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30TB of raw data backed up to a single LTO4 tape

edla_shravya
Level 4

Hi All,

 

We are taking backup of raw devices where we have found 30TB of raw data backed up to a single LTO4 tape.LTO4 tape capacity has a capacity of 800GB uncompressed data , It takes upto 1.6TB of compressed data  but  30TB of data has been written onto the tape. Eventhough we have 20 Tapes assigned to that specific pool   only two Tapes are being utilized. If raw data will the capacity of tape differ. Could anyone please clarify?

 

Thanks in advance

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Marianne
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There is no such doc from Veritas.

You may want to ask your tape vendor.

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RiaanBadenhorst
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Hi,

 

That is quite a bit of compression. It is possible to write more than the rated 1.6TB on a media. It all depends on the data that you're backing up and how compressable it is. Are you referring to a RAW data backup as a backup of the RAW disk device?

Marianne
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This is not related to tape capacity, but with compressibility of data.

edla_shravya
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Hi,

 

Yes  I am referring to a RAW data backup as a backup of the RAW disk device. That means it does not depend on the tape capacity for raw disk device. There will not be any limit of capacity? Could you plesae let me know

RiaanBadenhorst
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It just means, what ever you're backing up is unique. If you backup a bunch of picture you'll get bad compression, if you backup a oracle data file you'll get better compression. In most cases that is partly because it is a sparse file (not completely filled). So when you're backing up the device RAW you're just going beneath the file system, but in the end, you're still backing up the blocks.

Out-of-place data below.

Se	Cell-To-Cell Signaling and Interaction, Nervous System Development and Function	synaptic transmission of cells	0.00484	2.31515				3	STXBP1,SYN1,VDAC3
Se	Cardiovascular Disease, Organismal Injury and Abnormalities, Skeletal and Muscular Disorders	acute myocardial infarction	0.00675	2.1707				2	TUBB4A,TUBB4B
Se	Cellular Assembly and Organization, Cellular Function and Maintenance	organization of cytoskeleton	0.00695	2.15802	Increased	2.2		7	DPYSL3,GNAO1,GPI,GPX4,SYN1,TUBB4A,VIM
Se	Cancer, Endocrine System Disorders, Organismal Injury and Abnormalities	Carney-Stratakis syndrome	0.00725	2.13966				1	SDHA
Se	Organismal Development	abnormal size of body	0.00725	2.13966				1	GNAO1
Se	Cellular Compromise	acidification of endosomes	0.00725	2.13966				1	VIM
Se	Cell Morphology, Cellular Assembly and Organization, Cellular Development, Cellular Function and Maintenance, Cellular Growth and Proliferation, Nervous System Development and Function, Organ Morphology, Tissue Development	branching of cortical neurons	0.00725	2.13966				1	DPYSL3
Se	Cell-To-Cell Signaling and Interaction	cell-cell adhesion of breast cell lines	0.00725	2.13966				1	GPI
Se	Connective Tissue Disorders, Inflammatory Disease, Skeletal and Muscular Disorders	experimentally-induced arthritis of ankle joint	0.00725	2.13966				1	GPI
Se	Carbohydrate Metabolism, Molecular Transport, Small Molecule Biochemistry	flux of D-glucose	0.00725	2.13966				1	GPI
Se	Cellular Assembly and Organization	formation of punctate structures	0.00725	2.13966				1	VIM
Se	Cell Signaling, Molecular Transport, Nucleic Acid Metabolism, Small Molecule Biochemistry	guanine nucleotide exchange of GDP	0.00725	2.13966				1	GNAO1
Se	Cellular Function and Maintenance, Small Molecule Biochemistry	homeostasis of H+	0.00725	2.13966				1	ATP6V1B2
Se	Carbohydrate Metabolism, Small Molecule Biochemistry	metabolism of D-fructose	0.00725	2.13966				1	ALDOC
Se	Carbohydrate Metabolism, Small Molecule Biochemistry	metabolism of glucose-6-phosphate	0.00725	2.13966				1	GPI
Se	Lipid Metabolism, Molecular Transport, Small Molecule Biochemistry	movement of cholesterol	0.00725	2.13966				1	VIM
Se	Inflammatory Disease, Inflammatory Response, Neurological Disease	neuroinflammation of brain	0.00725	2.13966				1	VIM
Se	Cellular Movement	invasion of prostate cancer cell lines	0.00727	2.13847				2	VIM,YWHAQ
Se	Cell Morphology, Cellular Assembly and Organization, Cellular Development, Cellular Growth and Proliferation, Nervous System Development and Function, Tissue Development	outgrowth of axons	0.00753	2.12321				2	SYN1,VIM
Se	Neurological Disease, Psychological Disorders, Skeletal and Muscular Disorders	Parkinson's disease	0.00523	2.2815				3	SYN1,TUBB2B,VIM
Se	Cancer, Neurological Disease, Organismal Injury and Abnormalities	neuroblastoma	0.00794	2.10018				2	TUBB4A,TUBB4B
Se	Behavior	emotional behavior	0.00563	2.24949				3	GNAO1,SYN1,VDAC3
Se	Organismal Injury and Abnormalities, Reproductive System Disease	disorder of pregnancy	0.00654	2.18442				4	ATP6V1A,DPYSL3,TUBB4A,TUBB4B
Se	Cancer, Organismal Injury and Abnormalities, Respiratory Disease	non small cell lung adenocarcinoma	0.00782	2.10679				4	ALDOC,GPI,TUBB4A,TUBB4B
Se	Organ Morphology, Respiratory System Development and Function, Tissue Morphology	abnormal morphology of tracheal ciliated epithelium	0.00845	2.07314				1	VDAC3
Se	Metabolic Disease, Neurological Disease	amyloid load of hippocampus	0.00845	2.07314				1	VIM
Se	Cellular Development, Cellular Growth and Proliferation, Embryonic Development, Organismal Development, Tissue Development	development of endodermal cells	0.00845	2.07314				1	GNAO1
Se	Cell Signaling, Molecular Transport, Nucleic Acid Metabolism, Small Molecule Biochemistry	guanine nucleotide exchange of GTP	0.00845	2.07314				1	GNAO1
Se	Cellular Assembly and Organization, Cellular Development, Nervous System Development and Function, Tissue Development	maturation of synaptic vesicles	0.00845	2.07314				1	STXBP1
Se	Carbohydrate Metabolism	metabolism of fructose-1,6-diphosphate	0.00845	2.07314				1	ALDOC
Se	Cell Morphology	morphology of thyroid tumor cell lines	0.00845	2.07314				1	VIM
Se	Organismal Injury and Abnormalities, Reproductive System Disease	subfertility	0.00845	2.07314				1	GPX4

You really should not worry about this, the drive will tell you (NetBackup) when the tape is full and will request the next tape. You get what you get, you can be glad you're getting 30 and not 3.

 

To put you're mind at ease, perform a restore as a test.
 

Marianne
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If the disk/lun is still fairly empty and/or thin provisioned, then the unoccupied space will be compressed very well and thin provisioned disk will only back up occupied space but report on entire allocated space.

Genericus
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What Marianne said - depends on the data. 

I have some file systems that the program creates a big file (400GB) and then starts filling it up.

SO, to start, it is mostly empty, and takes no space to back up.

 

I am writing to LTO5 tapes, I generally max out at about 5-6 TB per tape, but some backups are encrypted or don't compress, and I can get full tapes that show as 1TB...

 

 

 

 

NetBackup 8.3.0.1 on Solaris 11, writing to Data Domain 9800 6.2.1.0